Opportunities for collaboration with many other departments across the University are abundant, including departments in the Colleges of Engineering, Natural Sciences, and the College of Veterinary Medicine and Biomedical Sciences.
Labs & Equipment
CBE houses state-of-the-art research labs, additionally the University’s Central Instrument Facility (CIF) provides 24-hour shared user access to several instruments and is maintained by five full time staff scientists.
Proteomics & Metabolomics Facility
The mission of the Proteomics and Metabolomics Facility is to serve as an enabling resource for research and development programs at Colorado State University.
Research Specialties by Faculty Member
The Bailey and Kipper groups lead efforts to experimentally synthesize new forms of polymers. Specifically, the Bailey Group uses small angle X-ray scattering (SAXS) to characterize new forms of hydrogel-based shape memory materials. For example, it is possible to X.
Our work focuses on the implementation of microfluidic network (μFN) platforms for the development of new bioassays and diagnositics in micro total analytical systems (μTAS). Several examples of ongoing research are highlighted below:
Multiplexed biomolecule and virus detection
A local, evanescent, array-coupled (LEAC) sensor based on a compact, single-mode optical waveguide (IOW) is being developed by the Dandy, Lear, and Henry groups for multianalyte sensing of targets ranging from small biomolecules to virus particles. The LEAC sensor is a promising platform for point-of-care diagnostics. The sensor fabrication is compatible with trailing-edge complementary metal oxide semiconductor CMOS technology, which both lowers its cost and makes it possible to build a portable lab-on-a-chip system with silicon integrated circuits. As a label-free optical biosensor, it does not require reagents during operation. Furthermore, the LEAC approach is less sensitive to temperature or wavelength variations than resonance-based label-free optical biosensors, such as surface plasmon resonance biosensors or ring resonator biosensors. Molecular specificity is provided by probe molecules, e.g., monoclonal- or monospecific polyclonal antibodies, aptamers, or antibody fragments immobilized on the sensor during the manufacturing process.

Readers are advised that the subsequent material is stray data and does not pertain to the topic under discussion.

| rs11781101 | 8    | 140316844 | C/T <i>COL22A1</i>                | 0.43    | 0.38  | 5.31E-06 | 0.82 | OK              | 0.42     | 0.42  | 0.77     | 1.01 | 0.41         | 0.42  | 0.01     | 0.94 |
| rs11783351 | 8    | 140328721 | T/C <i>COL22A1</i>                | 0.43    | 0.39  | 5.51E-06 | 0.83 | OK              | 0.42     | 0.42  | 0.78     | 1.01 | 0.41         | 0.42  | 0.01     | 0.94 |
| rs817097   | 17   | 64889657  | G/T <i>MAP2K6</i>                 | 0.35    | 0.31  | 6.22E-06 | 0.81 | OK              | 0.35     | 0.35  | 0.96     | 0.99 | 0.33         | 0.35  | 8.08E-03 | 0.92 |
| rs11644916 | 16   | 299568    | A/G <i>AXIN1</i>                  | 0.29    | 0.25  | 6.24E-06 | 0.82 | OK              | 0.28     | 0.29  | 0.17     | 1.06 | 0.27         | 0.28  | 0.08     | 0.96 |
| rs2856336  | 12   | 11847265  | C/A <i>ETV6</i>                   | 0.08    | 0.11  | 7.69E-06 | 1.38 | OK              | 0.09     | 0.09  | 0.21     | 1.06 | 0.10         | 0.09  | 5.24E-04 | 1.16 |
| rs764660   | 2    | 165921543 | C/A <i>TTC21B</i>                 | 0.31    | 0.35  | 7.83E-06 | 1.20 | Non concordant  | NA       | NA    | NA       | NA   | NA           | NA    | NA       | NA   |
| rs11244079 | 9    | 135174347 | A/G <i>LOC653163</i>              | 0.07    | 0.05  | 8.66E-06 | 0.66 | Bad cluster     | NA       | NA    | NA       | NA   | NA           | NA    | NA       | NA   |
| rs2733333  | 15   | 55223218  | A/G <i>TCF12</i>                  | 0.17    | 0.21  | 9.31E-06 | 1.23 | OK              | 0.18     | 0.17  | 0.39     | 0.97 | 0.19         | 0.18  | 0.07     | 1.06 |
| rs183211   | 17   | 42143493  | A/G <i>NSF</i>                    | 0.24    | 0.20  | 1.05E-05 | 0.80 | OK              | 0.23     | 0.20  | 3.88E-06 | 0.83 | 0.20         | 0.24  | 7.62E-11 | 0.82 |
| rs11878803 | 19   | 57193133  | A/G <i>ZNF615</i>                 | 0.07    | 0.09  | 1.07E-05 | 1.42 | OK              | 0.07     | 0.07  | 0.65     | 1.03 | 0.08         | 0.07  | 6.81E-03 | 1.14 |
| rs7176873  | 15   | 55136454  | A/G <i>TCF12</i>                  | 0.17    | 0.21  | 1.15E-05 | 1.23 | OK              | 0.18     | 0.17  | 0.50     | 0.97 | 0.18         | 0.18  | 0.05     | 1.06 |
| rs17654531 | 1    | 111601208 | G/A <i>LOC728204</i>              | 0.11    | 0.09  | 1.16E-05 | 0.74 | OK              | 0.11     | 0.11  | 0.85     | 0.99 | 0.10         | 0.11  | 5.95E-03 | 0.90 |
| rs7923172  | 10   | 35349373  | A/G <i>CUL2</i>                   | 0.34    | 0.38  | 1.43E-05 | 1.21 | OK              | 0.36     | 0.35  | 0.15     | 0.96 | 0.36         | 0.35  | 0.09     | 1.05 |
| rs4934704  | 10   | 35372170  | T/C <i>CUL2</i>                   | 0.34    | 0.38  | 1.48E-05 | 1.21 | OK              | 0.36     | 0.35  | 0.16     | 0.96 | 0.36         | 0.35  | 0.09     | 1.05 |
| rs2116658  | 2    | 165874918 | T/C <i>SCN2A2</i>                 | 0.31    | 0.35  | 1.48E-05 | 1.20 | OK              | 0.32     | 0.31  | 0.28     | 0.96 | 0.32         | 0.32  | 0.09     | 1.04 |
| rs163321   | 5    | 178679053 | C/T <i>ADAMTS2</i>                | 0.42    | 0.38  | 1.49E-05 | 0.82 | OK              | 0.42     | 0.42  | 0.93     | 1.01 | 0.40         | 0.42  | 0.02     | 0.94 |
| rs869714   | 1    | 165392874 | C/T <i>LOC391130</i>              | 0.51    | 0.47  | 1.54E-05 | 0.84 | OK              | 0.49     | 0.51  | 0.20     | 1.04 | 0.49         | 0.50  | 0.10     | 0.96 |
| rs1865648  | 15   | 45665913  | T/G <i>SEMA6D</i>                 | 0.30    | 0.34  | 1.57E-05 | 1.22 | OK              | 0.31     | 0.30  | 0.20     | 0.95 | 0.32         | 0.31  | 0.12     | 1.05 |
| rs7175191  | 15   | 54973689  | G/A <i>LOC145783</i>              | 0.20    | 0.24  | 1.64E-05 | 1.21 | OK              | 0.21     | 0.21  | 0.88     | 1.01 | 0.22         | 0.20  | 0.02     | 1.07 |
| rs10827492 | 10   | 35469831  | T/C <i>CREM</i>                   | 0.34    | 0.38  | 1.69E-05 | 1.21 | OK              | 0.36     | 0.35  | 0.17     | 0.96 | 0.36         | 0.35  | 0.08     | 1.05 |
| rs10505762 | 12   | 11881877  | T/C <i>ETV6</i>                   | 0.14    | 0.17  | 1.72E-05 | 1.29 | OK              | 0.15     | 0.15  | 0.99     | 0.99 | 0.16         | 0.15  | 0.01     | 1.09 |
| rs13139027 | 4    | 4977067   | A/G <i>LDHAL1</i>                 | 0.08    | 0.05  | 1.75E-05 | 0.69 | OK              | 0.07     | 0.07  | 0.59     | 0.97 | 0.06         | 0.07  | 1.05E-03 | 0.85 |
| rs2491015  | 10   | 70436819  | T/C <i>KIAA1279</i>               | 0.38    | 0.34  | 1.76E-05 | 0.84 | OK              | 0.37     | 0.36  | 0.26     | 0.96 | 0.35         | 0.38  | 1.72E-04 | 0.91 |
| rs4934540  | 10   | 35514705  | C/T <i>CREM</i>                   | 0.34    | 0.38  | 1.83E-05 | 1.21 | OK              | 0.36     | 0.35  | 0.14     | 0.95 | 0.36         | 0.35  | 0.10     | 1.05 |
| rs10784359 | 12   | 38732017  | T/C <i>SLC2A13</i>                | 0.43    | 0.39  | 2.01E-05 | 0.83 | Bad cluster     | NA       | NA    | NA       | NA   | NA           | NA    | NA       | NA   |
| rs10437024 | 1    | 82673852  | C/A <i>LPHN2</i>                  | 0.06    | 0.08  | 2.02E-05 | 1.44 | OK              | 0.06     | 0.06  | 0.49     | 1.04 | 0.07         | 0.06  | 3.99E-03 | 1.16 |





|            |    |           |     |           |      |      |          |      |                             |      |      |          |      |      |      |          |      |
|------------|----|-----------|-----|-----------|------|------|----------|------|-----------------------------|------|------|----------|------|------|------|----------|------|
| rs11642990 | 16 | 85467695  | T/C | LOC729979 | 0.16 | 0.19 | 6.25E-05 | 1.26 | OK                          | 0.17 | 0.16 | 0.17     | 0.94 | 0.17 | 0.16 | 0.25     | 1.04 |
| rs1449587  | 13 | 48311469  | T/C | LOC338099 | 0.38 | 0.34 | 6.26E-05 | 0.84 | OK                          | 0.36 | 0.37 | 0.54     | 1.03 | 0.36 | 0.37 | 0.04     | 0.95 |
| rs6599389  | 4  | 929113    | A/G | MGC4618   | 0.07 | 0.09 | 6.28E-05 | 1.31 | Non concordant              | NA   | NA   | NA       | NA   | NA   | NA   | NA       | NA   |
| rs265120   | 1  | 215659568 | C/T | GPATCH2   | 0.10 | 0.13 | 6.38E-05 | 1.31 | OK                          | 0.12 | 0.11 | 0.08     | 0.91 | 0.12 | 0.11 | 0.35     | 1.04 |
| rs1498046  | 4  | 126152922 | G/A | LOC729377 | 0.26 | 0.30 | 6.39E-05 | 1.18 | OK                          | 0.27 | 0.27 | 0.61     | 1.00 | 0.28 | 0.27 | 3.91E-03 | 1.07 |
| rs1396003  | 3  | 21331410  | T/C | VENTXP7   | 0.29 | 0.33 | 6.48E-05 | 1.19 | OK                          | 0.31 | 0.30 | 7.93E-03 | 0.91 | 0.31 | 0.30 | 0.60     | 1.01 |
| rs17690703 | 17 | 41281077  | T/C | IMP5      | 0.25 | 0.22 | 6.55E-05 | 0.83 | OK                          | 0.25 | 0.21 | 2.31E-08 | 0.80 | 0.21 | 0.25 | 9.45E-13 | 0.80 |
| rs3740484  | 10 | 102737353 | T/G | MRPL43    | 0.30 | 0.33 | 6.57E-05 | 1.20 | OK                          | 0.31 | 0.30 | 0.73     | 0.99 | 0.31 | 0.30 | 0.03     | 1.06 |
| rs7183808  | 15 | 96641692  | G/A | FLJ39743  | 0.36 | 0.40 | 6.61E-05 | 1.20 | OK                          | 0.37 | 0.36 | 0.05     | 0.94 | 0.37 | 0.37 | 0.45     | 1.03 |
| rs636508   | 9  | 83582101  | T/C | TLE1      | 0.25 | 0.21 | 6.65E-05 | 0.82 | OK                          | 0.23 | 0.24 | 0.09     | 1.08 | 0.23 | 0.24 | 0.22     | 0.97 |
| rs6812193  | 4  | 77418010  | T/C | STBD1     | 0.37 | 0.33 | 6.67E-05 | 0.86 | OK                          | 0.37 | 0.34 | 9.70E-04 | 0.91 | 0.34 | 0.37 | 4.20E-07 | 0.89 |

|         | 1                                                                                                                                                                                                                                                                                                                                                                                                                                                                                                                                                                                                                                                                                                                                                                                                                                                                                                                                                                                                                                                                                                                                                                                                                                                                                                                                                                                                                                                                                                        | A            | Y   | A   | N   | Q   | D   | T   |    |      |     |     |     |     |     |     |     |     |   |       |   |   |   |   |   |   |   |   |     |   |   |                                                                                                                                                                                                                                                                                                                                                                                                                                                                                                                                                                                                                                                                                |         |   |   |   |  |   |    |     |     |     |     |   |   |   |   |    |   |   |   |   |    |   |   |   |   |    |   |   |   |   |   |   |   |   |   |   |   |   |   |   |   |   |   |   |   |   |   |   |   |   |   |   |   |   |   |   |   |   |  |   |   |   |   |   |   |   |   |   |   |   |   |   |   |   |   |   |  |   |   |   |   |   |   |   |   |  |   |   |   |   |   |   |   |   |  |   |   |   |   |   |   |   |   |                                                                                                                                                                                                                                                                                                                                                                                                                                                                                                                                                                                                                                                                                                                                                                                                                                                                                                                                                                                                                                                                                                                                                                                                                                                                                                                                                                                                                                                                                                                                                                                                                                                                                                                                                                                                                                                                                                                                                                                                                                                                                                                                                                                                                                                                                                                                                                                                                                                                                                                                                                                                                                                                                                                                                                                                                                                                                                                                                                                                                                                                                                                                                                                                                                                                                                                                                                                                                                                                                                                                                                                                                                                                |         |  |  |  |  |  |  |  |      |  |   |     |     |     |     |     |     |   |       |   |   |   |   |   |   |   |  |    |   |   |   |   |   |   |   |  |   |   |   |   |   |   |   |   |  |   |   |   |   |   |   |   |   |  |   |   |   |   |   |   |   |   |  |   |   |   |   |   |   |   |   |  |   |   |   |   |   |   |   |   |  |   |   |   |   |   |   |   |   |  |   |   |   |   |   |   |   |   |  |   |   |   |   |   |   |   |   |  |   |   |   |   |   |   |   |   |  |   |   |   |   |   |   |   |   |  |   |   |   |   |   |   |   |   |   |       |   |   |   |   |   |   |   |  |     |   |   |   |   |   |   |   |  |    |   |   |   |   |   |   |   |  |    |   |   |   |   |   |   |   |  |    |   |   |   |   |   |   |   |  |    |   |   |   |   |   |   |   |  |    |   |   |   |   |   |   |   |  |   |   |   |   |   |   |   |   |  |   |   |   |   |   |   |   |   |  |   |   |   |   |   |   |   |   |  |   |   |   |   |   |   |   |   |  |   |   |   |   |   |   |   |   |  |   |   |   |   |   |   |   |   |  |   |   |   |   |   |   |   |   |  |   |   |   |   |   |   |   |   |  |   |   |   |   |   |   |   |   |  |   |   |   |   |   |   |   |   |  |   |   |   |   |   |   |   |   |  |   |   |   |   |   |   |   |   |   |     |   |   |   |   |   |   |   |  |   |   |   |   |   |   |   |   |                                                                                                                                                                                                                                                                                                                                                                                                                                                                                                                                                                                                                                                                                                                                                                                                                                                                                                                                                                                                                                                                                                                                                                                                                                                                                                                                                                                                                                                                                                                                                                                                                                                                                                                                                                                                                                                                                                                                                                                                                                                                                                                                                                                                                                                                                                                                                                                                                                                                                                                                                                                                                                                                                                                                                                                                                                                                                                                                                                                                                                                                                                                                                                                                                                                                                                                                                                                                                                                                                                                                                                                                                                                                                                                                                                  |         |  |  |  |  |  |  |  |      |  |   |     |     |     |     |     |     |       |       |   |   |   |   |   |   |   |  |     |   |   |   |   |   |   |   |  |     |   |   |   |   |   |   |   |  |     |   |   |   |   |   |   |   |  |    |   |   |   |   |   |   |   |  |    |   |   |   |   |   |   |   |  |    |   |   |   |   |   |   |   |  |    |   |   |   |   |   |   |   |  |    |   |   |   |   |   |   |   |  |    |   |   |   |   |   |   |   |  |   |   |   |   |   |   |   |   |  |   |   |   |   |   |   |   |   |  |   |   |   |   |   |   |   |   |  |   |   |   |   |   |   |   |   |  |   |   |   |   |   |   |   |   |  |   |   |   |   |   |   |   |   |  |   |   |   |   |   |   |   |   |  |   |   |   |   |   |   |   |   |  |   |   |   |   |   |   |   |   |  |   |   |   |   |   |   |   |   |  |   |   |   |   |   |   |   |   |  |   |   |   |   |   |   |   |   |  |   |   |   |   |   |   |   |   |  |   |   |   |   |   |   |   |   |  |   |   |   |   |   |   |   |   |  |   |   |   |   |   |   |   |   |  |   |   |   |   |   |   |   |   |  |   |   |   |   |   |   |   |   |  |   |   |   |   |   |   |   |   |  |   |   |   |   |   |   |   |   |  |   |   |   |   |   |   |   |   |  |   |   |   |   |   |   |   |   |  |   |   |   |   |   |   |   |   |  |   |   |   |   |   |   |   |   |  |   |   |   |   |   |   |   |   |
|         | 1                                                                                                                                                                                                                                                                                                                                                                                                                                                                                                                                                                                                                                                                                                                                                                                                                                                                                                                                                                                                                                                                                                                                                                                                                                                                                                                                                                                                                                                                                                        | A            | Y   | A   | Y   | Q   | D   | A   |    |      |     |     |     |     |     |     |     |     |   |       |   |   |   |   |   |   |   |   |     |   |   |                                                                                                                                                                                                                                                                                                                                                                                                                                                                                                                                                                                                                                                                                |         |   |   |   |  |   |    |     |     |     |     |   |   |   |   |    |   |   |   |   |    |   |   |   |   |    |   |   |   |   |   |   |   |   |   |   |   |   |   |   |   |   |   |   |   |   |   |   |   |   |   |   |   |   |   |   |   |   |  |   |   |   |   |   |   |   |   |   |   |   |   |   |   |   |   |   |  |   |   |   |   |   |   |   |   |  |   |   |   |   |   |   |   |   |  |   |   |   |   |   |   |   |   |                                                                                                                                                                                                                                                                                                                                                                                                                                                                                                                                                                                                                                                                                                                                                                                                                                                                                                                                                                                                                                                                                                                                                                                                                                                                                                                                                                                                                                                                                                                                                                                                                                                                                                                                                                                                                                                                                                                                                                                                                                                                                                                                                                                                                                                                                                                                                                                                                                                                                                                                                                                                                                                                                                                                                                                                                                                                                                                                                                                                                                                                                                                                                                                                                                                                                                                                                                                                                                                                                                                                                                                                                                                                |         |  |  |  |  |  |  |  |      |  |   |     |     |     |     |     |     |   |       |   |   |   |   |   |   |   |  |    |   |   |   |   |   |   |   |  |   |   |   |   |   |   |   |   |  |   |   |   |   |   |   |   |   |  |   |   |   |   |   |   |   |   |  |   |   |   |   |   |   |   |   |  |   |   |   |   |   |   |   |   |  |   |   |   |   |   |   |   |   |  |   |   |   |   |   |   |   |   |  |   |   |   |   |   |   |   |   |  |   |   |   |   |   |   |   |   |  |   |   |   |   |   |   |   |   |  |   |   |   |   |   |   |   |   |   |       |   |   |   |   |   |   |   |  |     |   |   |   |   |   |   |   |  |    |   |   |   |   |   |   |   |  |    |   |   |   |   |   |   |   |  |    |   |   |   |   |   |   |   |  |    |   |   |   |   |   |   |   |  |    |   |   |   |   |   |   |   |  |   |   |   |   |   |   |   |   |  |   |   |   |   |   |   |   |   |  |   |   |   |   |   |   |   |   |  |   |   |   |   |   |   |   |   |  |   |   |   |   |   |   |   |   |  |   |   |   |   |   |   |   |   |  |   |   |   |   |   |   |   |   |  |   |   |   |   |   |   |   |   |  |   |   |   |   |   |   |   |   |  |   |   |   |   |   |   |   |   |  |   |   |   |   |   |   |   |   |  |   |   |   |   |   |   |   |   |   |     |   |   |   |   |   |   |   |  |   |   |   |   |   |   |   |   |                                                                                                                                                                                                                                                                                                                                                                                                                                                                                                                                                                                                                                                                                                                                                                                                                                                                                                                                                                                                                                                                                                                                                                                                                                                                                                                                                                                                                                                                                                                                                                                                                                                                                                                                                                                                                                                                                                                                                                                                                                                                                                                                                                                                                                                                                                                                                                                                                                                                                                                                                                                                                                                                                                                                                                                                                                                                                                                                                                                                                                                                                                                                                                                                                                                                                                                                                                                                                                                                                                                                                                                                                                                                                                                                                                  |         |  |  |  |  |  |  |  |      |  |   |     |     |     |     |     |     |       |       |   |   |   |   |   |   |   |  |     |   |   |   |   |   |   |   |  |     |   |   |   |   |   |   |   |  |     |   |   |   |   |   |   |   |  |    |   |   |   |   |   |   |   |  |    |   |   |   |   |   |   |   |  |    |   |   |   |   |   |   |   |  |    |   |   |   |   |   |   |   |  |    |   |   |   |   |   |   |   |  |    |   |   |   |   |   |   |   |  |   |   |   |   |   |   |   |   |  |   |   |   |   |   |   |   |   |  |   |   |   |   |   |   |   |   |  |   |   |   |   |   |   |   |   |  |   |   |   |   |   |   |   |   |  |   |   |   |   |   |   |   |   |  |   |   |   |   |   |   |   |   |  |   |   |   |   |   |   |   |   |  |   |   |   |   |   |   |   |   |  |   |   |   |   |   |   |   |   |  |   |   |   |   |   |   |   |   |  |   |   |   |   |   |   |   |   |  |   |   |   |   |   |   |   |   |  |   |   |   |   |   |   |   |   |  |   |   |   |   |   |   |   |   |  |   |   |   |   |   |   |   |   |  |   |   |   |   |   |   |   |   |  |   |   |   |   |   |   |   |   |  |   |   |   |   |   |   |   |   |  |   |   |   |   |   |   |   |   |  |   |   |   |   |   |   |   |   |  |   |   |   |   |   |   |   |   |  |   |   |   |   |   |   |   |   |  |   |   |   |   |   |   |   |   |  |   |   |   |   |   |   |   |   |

Passive and active micromixing strategies
It is recognized that mixing plays an important role in the growing use of microfluidic devices for lab-on-a-chip applications. For applications ranging from DNA separation and amplification to protein crystallization and kinetics studies, the performance of a lab-on-a-chip device is directly related to the rate at which two or more fluids can be mixed. Due to the small dimensions of microchannels as well as the limited range of obtainable linear flow rates, flow in microchannels is confined to the laminar regime and mixing is dominated by molecular diffusion.
With the goal of further simplifying fabrication of a micromixer, we are developing a new method for achieving chaotic advection through application of a localized electric field perpendicular to the mean flow direction driven by a pressure gradient in a planar rectangular microchannel. The electric field, created by a potential drop across an integrated electrode gap, drives electro-osmotic flow (EOF) perpendicular to the main flow direction, thereby creating a secondary recirculation flow profile.
Controlled pumping of fluids through microfluidic networks is a critical unit operation ubiquitous to lab-on-a-chip applications. Although there have been a number of studies involving the creation of passive flows within lab-on-a-chip devices, none have shown the ability to create temporally stable flows for periods longer than several minutes. We have developed passive pumping approach in which a large pressure differential arising from a small, curved meniscus situated along the bottom corners of an outlet reservoir serves to drive fluid through a microfluidic network. The system quickly reaches steady state and is able to provide precise volumetric flow rates for periods lasting many hours.
Spatially resolved sampling
The spatial and temporal distributions of diffusible molecules play an important role in a wide variety of biological and chemical processes. The formation and maintenance of these distributions is a complex function of the local fluid convection profiles, the diffusivities of the chemicals in question, and chemical reactions that take place. There are many applications in which these chemical distributions possess characteristic length scales on the order of 1 to 1000 μm. A microfluidic device capable of sampling multiple chemical messengers with a spatial resolution dictated by the extent and overall architecture of the tissue has been developed. Due to the precise fabrication methods of the underlying microfluidic architecture, the position of each sampling port can easily be modified to sample fluid from specific regions of interest within the sample reservoir. The device is readily fabricated using soft lithographic processes, where the degree of fluid sampling from each port is controlled via passive pumping techniques. The system is compatible with most transduction mechanisms that are easily incorporated into planar microfluidic systems, leading to a cost-effective solution for high-resolution, multi-analyte chemical analysis.
Bioparticle concentration and separation
The ability to continuously and reliably concentrate and separate small diameter bioparticle (≤ 2 µm) suspensions, such as bacteria, subcellular organelles and even virus that are flowing through microchannels, offers significant potential for biomedical, environmental, food, and biofuel production applications. Typically, bioparticle concentration and separation are accomplished through industrial or laboratory centrifugation, but when the particle size is very small and its density is comparable to the mixture medium, as with bacteria, virus and subcellular organelles, this approach can be problematic. A simple but robust platform able to provide significant improvements over current concentration techniques is needed.